Hey Larry - I appreciate you taking the time to read through. I wouldn't claim that all experiments must, no matter what, must be over a uniform distribution. You can do statistics over any distribution. I'm pointing out that the reason behind EI having the distribution it does (the maximum entropy) is so that it captures the information solely in the conditional probabilities by screening off the frequency of interventions. So it looks to capture causal structure via enforcing an independent noise source, which isn't the same as applying an arbitrary distribution.
Reply
6/9/2017 01:51:00 pm
I was the one who prodded Scott into commenting on your paper.
Reply
Erik Hoel
6/9/2017 05:13:45 pm
So you're the one who started this James! haha
Reply
Randall
6/9/2017 02:05:20 pm
Erik, Looking forward to seeing more of your work in the future. Rather than taking a simple example of the lightbulb, I think it would be more fruitful to take a cellular automaton that is turing-complete. Being turing complete it could do some very interesting computation. It seems inevitable (to me!) that making sense of the results would require a macroscale view.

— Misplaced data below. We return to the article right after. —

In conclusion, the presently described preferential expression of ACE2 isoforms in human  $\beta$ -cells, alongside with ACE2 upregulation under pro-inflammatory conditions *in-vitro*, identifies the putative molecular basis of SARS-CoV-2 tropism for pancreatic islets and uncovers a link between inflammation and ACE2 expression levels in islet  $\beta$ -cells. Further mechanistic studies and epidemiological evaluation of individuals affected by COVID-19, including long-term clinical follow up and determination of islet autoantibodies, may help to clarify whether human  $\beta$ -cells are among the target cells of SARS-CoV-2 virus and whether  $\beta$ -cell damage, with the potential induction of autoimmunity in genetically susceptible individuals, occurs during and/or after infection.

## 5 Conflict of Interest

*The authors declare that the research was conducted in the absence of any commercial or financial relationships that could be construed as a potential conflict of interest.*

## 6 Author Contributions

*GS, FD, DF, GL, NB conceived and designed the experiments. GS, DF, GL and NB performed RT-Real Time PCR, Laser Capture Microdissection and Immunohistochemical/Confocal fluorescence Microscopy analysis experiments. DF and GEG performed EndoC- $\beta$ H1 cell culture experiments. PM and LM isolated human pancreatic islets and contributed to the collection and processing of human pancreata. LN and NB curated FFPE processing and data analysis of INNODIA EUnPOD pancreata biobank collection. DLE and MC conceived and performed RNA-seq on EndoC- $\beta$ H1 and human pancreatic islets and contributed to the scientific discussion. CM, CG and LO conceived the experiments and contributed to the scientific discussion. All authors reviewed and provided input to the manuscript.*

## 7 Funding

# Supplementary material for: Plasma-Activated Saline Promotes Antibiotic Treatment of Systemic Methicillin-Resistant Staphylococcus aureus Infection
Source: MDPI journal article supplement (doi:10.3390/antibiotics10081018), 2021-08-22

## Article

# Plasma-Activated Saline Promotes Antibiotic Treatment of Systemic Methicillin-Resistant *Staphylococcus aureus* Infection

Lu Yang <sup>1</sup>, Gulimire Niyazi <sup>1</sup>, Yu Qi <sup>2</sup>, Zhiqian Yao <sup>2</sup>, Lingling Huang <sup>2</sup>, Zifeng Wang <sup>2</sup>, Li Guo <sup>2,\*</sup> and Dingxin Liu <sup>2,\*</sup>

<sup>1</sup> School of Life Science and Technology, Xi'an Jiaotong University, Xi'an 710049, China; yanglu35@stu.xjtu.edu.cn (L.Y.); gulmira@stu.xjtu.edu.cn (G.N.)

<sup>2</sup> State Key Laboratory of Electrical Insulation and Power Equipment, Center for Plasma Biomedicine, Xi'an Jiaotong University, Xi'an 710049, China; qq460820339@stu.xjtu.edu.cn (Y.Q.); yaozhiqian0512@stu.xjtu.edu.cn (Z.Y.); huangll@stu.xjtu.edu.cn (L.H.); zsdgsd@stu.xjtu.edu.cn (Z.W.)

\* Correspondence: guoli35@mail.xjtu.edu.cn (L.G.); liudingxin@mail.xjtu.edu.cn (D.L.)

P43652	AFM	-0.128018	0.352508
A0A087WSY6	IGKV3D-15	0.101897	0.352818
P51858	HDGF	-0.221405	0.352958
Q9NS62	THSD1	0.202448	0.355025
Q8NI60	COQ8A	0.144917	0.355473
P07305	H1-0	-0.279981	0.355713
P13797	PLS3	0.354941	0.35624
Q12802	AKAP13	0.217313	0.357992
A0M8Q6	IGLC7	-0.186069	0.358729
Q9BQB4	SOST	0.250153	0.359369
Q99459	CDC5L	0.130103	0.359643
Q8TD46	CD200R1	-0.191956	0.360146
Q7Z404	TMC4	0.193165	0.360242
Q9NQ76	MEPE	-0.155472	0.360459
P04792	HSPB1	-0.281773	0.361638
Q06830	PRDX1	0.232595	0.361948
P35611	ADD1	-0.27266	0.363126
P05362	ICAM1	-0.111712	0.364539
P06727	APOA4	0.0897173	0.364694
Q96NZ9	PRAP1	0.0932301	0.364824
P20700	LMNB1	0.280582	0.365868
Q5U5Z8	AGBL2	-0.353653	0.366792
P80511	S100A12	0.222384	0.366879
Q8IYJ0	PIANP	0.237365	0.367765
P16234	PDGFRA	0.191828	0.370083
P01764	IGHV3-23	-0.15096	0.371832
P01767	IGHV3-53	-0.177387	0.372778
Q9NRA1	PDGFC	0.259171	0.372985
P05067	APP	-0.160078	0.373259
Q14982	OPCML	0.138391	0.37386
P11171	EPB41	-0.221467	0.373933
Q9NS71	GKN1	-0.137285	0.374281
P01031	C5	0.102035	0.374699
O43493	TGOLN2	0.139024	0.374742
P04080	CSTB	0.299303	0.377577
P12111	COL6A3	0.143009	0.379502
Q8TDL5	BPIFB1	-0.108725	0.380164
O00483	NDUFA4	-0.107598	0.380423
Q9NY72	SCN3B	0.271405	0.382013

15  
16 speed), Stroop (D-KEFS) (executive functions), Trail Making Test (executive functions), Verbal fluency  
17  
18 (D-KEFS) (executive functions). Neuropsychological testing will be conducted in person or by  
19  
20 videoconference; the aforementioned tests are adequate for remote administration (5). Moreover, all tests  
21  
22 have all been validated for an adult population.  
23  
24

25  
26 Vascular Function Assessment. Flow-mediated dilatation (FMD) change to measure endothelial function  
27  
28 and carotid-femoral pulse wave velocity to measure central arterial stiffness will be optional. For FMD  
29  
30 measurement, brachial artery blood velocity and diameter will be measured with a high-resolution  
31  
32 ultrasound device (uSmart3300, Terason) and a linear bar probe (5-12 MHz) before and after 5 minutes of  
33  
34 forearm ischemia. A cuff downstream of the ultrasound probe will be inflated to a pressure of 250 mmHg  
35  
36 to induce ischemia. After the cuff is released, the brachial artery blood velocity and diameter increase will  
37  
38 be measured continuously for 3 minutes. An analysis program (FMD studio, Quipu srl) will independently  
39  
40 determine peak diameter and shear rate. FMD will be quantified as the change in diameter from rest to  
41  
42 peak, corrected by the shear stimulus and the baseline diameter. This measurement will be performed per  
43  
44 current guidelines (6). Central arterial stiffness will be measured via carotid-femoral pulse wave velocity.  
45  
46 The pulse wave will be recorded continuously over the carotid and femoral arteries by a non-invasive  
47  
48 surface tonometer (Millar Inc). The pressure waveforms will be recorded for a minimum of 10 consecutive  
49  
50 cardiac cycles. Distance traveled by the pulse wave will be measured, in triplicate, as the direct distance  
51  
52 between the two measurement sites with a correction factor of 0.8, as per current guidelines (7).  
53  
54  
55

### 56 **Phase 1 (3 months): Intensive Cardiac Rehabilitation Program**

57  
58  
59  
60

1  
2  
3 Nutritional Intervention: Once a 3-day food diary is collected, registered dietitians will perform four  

Reply
Erik Hoel
6/9/2017 05:23:05 pm
Thanks Randall, I appreciate that. The idea of demonstrating causal emergence with cellular automata (instead of Markov process or networks of logic gates like shown in the papers) is definitely a good suggestion. You are right that it would provide a way to directly investigate its relationship to things like Turing completeness. Macroscales definitely perform different computations than microscales (this is pretty clear in the papers) but we haven't looked into the relationship to Turing completeness.
Reply
Larry
6/10/2017 07:58:22 am
Is Wolchovere's headline
Reply
Erik Hoel
6/10/2017 09:11:49 am
Hey Larry - thanks for your thoughts. To your first question: the article also covered IIT, so it’s hard to precisely separate all the claims and I certainly wouldn't want to start judging Natalie's work (she knows more about science communication than I do). More to the point, as I have written articles for sites before, a shocking thing is that often a headline writer (not the writer themselves) chooses the headline, based on SEO. But I wouldn’t say Natalie misrepresented the theory; rather, she focused on the strongest claims of the theory.
Reply
Natesh Ganesh